Some of the most valuable historical documents are letters and diary entries. Through these personal accounts, we can watch history unfold through another’s eyes. We are thankful to have several letters from a West Boylston soldier who served in World War I. George Buck, who was stationed in France in 1917, wrote to his parents about his first impressions of France. Two of his letters were featured in the Oakdale column of the Telegram & Gazette. Below, we’ve written out the full text of George’s letters so you can read them more easily. Attached are the original newspaper clippings which featured George’s letters. Thank you, George Buck, for your service and for letting us see history through your eyes.
George writes: “There are many things I would like to write that I can’t, but I can tell my first impressions of France, that is, as I saw it from the deck [of the ship which carried him to Europe]. I saw a number of towns and villages, which are, or seem to be, built so as to cover as small a piece of ground as possible. But it is hard to say just what I will think when I have seen it at close range. When the ship had come into dock, a large crowd of people was there to see us, and it was really touching. They threw peaches and cigarettes aboard. Believe me, when I say they are glad to see us.”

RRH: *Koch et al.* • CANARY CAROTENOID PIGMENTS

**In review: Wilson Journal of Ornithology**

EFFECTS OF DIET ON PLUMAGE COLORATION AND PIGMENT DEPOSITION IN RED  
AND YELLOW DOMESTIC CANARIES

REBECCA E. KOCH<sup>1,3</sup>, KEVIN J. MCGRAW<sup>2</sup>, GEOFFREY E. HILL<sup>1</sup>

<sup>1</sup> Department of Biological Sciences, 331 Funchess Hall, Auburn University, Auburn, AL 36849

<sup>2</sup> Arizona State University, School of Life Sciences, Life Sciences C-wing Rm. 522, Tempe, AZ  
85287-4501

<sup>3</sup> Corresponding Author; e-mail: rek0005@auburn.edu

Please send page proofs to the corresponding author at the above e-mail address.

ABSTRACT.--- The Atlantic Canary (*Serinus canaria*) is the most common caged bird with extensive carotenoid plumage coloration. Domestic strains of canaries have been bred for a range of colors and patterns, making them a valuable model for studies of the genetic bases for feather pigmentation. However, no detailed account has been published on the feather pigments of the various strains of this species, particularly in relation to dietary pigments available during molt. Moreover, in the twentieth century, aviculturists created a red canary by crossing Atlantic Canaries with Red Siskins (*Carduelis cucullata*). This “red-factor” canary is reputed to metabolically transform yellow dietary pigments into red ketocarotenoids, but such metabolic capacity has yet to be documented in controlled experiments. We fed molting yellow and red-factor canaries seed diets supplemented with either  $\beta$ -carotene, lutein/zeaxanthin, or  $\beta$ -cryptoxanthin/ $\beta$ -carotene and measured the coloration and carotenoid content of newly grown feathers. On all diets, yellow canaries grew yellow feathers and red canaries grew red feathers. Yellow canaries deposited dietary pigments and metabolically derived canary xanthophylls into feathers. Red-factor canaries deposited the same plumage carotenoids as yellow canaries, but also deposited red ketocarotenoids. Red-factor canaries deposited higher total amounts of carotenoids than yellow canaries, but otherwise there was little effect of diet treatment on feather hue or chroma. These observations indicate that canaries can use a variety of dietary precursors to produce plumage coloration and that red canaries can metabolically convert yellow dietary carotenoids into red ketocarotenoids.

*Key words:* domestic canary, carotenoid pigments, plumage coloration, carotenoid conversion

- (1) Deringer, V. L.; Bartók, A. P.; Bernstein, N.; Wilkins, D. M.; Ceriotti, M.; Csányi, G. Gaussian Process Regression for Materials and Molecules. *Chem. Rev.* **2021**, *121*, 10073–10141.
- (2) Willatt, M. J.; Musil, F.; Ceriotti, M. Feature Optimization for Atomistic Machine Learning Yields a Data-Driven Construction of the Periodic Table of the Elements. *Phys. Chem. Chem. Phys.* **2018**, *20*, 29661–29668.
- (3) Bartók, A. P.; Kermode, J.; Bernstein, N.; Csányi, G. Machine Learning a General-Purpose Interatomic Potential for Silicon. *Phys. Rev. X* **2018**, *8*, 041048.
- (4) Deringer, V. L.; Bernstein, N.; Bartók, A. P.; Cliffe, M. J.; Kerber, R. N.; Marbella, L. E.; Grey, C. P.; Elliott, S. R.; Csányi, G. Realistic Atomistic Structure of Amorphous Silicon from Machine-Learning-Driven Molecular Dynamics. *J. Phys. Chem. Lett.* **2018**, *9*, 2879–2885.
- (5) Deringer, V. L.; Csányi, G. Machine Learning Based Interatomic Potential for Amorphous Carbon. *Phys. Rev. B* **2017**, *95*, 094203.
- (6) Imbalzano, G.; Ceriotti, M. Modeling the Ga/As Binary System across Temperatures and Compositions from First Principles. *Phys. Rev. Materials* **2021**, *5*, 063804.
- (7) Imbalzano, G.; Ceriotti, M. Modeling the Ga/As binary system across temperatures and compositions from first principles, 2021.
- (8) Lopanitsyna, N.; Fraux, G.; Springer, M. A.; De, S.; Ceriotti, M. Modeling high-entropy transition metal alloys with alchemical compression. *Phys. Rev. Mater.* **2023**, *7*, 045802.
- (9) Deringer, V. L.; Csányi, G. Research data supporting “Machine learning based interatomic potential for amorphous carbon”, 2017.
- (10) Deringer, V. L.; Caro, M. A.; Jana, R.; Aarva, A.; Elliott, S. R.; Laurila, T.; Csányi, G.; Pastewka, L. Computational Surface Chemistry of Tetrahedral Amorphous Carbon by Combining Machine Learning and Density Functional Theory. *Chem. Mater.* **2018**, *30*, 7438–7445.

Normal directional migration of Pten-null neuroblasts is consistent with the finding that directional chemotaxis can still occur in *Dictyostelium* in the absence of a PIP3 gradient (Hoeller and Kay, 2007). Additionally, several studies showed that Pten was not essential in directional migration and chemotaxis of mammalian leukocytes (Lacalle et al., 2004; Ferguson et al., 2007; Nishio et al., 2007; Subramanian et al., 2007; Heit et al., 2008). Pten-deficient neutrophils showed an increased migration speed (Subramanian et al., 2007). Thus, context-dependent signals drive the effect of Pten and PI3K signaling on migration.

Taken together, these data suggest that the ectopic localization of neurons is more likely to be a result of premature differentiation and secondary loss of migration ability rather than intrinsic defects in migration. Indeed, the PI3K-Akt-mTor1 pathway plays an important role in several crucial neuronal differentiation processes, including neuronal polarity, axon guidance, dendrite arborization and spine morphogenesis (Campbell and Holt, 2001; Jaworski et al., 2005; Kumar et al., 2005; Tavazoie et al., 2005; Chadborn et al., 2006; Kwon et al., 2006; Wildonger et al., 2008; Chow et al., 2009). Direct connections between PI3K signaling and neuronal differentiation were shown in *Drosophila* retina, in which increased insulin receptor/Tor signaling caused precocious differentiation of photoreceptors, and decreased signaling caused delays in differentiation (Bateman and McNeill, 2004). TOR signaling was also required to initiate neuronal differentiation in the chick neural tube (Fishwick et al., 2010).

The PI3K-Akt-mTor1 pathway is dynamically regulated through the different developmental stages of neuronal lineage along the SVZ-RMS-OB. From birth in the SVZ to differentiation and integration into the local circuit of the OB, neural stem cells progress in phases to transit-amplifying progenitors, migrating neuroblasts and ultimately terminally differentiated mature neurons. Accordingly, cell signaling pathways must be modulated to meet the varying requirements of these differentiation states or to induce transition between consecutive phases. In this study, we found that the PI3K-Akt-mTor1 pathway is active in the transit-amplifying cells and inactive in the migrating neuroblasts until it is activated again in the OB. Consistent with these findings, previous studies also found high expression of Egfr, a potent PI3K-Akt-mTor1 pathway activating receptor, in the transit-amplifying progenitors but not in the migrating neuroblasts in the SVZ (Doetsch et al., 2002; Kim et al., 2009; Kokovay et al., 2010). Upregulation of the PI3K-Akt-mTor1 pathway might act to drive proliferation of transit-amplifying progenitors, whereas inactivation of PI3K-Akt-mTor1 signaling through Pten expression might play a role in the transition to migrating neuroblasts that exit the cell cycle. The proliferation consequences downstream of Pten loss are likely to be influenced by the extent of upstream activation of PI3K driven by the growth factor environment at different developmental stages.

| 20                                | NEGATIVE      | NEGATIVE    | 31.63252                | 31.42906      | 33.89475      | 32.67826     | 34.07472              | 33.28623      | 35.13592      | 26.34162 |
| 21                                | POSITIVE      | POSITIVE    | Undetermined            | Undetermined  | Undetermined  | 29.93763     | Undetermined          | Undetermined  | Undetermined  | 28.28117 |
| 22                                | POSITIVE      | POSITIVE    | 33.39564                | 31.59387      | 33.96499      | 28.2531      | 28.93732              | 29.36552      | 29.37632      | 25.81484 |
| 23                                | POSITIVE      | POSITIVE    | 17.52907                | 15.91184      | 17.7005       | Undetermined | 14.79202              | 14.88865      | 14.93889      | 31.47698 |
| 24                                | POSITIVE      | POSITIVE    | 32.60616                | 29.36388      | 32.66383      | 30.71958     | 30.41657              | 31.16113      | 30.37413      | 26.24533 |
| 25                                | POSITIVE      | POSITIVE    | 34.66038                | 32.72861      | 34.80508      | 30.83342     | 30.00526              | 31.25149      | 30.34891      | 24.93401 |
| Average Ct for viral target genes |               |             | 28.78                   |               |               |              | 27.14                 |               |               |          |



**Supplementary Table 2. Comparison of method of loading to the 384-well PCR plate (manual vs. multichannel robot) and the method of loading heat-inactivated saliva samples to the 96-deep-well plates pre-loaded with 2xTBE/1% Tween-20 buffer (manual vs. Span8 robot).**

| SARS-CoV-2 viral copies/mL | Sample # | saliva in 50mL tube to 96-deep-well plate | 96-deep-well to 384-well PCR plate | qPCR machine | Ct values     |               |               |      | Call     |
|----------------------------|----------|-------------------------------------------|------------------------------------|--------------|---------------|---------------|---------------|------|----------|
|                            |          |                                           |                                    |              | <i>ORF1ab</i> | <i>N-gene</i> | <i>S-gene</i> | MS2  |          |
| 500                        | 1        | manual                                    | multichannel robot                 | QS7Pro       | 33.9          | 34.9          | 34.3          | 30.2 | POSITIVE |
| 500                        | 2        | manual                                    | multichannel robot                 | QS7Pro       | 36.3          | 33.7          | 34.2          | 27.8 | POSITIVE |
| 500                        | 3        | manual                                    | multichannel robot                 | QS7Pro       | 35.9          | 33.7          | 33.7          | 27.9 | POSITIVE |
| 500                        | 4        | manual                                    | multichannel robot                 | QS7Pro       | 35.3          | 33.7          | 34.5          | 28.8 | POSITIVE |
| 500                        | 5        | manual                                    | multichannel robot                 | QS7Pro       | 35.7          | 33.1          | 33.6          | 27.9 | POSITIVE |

In another letter, George writes, “Dear mother and dad—Tomorrow is my birthday. I wonder if you will think of it. I bet you will; you have never forgotten it yet. I have been here just a week, and from what I have seen of the country, it doesn’t appeal to me a great deal, altho I am feeling fine, and am in the best of spirits. We are getting plenty of good food to eat, and a dry place to sleep. The people say that it never snows here. It rains often enough, because it rains every day. Everything is very strange to us here. The houses are all built of stone and in the town. Every house is a wine plaster. I haven’t seen a wooden house shop, and everyone drinks wine because the water supply is poor, and the quality of the water is not very good. Everyone is old-fashioned here. It seems funny not to see electric cars and automobiles, but we see plenty of army trucks. I heard this morning that Warren Churchill’s [another W. Boylston soldier] company has come in, but I don’t know whether it is so or not. I hope so, for I would like to see him again. We had a good trip across, as I wrote in my last letter. We are camping about two miles from the town, which is about as big as Clinton, but all in a bunch. Believe me, Worcester is good enough for me. I suppose it will be a long time before I get answers to my letters, but I will write every week, and if I have time will drop a line to the rest of the neighborhood. Your loving son, George. Somewhere in France, Oct. 12.”